- Folding / unfolding of all branches from node - with a single click. This is very useful when you want to concentrate on one section of your mind map, and do not want to be distracted by other section details. This also makes the map look more manageable since you don’t need to scroll up and down through cluttered branches.
- You can store links to files on your own computer, or store hyperlinks to URLs on the Internet, and this feature is fully functional.
- Excellent copy-paste functions and Drag’nDrop functions, allowing copying of content from external files (even from your Outlook messages; I found it very handy). You can even copy a list of selected files.
- FreeMind stores all maps in XML format, making it that much easier in case you decide to port your maps to other software, so long as it supports Visual Basic scripting facility
Some areas where FreeMind could have helped more (I understand some of these are being addressed in future releases) are:
- While FreeMind has a fairly good collection of icons that make your mind map come to life visually, it does not support embedding of pictures from external files. Thus when you are carrying your map along for a presentation, you must not forget to carry the image files separately or in a zip folder.
- I wish FreeMind supported multi-user capability. This would have been extremely useful when you want your staff to update the same mind map with latest status from different branch offices.
- With FreeMind 0.8.1, while you can chart all the activities of a project, you really cannot use it for project management. This feature is now addressed in the preview release 0.9.0. We will talk about this in the next paragraph.
Project Management Features
Now we come to the most crucial feature of FreeMind. As mentioned in the beginning, besides its use for mind mapping and brainstorming initiatives, FreeMind can also be used productively for project management. This feature is available only in the present beta release, FreeMind 0.9.0. This release has many exciting features including WYSIWYG editing for nodes, scripting, filters, attributes etc…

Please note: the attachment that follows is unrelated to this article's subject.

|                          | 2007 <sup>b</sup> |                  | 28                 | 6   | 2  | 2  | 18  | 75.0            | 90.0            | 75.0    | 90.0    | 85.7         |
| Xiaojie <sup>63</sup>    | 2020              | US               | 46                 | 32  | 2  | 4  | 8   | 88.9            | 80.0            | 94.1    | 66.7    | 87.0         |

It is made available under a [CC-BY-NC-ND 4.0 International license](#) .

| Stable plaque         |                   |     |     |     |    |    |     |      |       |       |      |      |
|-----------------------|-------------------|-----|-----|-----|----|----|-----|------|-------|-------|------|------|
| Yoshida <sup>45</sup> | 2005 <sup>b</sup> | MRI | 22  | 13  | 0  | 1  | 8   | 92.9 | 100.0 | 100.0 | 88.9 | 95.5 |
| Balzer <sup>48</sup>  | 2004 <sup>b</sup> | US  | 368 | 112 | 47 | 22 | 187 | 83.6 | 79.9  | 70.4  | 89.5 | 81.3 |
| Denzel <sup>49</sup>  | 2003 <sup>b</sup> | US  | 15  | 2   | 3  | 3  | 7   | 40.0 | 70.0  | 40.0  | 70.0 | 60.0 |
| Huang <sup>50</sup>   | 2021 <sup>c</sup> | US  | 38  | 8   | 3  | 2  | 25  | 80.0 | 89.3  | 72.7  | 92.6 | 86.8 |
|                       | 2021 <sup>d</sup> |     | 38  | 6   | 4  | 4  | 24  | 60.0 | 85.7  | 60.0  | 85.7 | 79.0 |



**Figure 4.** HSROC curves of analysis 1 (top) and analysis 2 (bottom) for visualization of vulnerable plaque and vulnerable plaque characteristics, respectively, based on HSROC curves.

Our interest here is mainly with the “attribute” feature which has been added, and the related scripting. An attribute, essentially provides a new perspective to the node, by including new parameters which can be used for filtering and viewing nodes and the mind map selectively. Thus we can define attributes like task name or task id, effort, start date, resource , predecessor and enter different values of these attributes for different nodes. Combine this concept with breaking up the map into nodes for tasks, resources and accounts, with actual tasks appearing as task sub-nodes, resources as resource sub-nodes etc..
Then what we need is to be able to associate the attributes under the task sub-nodes with the attributes under the resource sub-nodes, to be able to come up with a project plan. This can be done using such a mind map in conjunction with Task Juggler , an open-source project management tool for Linux, and you have a complete project management capability built into FreeMind. This is what really gives FreeMind the exciting capability to “possibly change the way we do everything”. I will be looking forward to a time when we can use FreeMind to manage a complex SAP implementation project covering planning, scheduling, monitoring and control.
I am quite sure this will not be a faraway dream, given all the features and capabilities getting built into FreeMind.